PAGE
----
XXIII.6.1 Under favorable conditions, synapomorphies can be identified on the basis of paleontological data, by comparing the situation in sister taxa or by study of ontogenesis
Similarly as it is frequently difficult in practice to differentiate between homologies and hompolasies, it is also generally equally difficult to differentiate plesiomorphies and apomorphies.The study of fossils can provide a certain guideline, as the plesiomorphic forms of a trait should appear in the paleontological record sooner than apomorphic forms.The paleontological record is, of course, frequently not complete, the fossils of the representatives of an older taxon may be preserved only in younger layers, so that the results obtained in this way are sometimes misleading.
Study of the situation in sister taxa can also provide some information.If the particular trait occurs in the studied taxon in forms A and B and occurs in the sister taxon only in form A, then it is more probable that the common ancestor of the two sister taxa also had the same form A and that this is a plesiomorphic form.Once again, it holds that we might not be capable of correctly recognizing the sister taxon and that its erroneous identification could also mean erroneous recognition of the plesiomorphic form of the trait.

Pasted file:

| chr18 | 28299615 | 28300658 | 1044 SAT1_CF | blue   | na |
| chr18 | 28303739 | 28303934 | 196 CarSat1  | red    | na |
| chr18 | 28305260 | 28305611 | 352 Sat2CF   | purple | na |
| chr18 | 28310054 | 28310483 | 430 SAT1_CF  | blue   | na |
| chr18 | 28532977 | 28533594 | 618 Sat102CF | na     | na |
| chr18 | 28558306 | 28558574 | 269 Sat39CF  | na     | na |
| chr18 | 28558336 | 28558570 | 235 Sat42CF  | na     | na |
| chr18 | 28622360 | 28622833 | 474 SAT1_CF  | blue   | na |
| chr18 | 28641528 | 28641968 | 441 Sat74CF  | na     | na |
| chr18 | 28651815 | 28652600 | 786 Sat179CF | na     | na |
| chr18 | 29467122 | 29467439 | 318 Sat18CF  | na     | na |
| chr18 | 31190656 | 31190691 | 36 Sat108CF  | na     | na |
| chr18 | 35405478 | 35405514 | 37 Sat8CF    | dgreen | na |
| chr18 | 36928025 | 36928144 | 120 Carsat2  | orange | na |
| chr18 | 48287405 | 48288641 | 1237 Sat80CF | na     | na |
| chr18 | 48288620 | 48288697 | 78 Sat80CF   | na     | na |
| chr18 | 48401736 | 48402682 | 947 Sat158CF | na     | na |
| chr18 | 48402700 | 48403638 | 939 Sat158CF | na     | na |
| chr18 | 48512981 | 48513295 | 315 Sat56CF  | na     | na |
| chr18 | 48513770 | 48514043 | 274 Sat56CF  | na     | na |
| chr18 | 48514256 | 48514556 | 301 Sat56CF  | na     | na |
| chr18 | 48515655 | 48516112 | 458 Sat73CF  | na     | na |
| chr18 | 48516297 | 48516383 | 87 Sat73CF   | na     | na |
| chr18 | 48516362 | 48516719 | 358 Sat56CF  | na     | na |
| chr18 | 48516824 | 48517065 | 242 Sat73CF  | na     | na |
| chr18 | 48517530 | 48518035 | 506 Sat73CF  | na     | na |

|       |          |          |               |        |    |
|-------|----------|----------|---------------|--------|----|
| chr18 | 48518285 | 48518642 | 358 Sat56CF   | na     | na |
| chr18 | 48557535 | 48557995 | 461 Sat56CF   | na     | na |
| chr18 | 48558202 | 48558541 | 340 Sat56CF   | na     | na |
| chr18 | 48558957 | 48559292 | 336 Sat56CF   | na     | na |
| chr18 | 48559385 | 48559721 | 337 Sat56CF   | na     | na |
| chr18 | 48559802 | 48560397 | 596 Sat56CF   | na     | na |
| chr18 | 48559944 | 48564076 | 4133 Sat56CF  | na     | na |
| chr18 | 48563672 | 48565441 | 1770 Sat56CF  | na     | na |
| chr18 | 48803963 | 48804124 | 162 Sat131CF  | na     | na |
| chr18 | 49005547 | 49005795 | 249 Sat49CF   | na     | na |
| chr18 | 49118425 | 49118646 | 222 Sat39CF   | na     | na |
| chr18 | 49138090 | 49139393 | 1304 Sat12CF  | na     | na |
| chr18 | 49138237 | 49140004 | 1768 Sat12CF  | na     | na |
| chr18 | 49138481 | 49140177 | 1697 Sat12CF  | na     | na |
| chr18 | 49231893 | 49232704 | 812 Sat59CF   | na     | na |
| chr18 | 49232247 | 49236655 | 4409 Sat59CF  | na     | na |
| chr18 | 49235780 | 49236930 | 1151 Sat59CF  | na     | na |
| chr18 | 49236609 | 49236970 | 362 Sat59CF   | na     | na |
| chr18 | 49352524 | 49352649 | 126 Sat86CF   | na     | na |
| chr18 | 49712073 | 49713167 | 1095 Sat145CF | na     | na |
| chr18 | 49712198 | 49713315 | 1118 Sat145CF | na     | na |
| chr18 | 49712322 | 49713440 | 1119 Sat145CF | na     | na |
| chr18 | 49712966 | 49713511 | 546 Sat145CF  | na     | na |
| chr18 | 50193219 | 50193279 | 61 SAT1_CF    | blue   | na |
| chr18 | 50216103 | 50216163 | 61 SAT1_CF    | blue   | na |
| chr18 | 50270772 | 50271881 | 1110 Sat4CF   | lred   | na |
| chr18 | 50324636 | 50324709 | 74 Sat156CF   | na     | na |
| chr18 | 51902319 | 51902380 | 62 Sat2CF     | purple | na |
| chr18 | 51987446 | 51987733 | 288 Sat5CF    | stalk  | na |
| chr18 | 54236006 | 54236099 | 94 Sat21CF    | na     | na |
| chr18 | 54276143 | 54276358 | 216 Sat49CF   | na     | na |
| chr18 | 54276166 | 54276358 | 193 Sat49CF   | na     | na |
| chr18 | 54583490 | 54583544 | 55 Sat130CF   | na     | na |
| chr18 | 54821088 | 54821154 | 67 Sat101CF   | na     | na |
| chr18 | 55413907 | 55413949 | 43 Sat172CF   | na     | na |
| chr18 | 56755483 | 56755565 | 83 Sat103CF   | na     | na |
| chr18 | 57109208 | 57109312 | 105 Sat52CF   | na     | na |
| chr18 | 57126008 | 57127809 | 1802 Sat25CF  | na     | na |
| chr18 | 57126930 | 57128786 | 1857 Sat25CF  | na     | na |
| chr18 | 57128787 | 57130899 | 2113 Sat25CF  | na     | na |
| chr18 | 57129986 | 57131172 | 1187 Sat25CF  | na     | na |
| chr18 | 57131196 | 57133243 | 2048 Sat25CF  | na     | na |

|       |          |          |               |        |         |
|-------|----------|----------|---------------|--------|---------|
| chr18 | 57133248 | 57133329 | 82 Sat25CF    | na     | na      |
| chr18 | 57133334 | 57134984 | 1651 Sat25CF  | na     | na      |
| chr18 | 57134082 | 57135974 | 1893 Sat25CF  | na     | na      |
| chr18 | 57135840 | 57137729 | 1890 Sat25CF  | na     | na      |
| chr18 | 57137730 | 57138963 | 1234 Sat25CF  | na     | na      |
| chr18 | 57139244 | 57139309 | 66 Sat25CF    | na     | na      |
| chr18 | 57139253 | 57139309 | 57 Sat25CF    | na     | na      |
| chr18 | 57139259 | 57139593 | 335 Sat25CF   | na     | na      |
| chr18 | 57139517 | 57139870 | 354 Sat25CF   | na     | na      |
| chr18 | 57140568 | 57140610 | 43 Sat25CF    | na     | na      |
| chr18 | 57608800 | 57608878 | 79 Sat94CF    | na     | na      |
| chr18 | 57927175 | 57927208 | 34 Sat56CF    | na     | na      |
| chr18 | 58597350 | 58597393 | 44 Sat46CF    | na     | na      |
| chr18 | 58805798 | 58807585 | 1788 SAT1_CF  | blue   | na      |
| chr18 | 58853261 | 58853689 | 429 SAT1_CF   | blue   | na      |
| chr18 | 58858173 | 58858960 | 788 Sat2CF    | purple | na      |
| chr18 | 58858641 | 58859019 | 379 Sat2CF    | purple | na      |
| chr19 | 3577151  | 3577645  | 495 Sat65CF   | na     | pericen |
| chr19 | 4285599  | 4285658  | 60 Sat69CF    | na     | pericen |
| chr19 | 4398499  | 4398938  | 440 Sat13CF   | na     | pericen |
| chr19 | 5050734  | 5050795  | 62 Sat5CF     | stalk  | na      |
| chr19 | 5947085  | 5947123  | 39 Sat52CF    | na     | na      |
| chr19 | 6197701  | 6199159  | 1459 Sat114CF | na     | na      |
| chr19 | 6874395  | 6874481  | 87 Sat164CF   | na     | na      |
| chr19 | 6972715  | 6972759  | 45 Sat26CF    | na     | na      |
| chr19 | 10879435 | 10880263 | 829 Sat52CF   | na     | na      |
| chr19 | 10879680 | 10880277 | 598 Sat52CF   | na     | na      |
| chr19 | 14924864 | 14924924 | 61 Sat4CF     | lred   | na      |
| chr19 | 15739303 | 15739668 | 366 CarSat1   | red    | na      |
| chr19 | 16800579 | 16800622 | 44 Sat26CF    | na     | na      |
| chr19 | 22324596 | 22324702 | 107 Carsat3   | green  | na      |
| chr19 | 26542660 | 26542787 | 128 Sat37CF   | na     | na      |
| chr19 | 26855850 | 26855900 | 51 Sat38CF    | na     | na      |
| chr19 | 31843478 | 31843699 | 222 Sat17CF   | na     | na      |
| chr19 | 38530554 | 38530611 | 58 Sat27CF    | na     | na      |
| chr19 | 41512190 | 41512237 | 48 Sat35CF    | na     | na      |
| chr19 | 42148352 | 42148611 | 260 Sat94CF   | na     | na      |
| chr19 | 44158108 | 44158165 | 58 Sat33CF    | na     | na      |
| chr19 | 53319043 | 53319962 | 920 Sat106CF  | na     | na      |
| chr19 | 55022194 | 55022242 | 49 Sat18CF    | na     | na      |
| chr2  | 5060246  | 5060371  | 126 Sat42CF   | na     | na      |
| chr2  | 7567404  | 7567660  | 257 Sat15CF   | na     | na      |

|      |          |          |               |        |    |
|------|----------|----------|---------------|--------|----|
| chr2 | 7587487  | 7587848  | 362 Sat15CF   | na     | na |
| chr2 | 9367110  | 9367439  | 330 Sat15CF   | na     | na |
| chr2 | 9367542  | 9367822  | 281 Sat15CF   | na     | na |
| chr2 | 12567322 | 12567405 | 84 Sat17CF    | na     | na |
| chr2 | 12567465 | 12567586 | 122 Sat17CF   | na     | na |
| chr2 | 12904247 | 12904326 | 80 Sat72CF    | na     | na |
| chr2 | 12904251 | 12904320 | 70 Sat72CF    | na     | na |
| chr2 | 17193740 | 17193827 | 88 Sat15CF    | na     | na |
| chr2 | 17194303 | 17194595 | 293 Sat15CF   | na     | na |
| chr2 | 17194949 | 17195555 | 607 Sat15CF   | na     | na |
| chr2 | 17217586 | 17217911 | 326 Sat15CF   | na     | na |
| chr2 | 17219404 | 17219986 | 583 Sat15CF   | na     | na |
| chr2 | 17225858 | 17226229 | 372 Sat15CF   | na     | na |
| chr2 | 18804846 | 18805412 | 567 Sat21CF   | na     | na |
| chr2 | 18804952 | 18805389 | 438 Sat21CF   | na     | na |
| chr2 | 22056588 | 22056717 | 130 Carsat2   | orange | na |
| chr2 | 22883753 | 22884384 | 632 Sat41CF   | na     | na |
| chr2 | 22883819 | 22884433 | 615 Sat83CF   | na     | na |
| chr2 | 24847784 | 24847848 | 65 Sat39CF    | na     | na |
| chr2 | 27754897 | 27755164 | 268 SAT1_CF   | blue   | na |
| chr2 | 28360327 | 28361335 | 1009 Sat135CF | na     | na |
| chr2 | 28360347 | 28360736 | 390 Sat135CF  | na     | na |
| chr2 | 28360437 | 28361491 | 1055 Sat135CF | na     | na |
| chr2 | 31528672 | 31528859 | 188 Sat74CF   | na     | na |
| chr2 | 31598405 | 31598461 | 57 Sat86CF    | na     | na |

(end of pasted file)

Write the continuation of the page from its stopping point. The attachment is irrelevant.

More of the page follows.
The plesiomorphic form of the trait can also be identified in some cases on the basis of the order of discovery of the individual forms of this trait in ontogenesis.If the foundations for both forms of the trait appear during ontogenesis, the foundations of the plesiomorphic form should generally appear sooner.This empirically derived rule is described by Haeckel’s recapitulation theory.This states that ontogenesis is accelerated phylogenesis, i.e. that the individual structures are generally established in ontogenesis (individual development) in the same order as they appeared during phylogenesis.Haeckel’s theory is basically an evolutionary reinterpretation of the formerly formulated von Bauer’s first law of embryology.According to this law, in the ontogenesis of each species, the individual structures are formed gradually from structures that are common to all the members of the highest taxon to the structures of common members of gradually lower and lower taxa, to which the given species belongs.The historically older von Bauer’s law, which Darwin also mentioned as one of the important documents for the validity of his theory of evolution, is actually substantively more correct that the newer Haeckel’s recapitulation theory.However, there are many exceptions to both the recapitulation theory and von Bauer’s law.In a great many species, the route through which the ontogenesis of a certain structure reaches a certain stage can be modified and some stages can even be omitted in some species (see XII.7.3).It is, however, true that it rarely occurs that the order in which the individual stages appear is reversed and that there would thus be a flagrant breaking of von Bauer’s law and this also the recapitulation theory.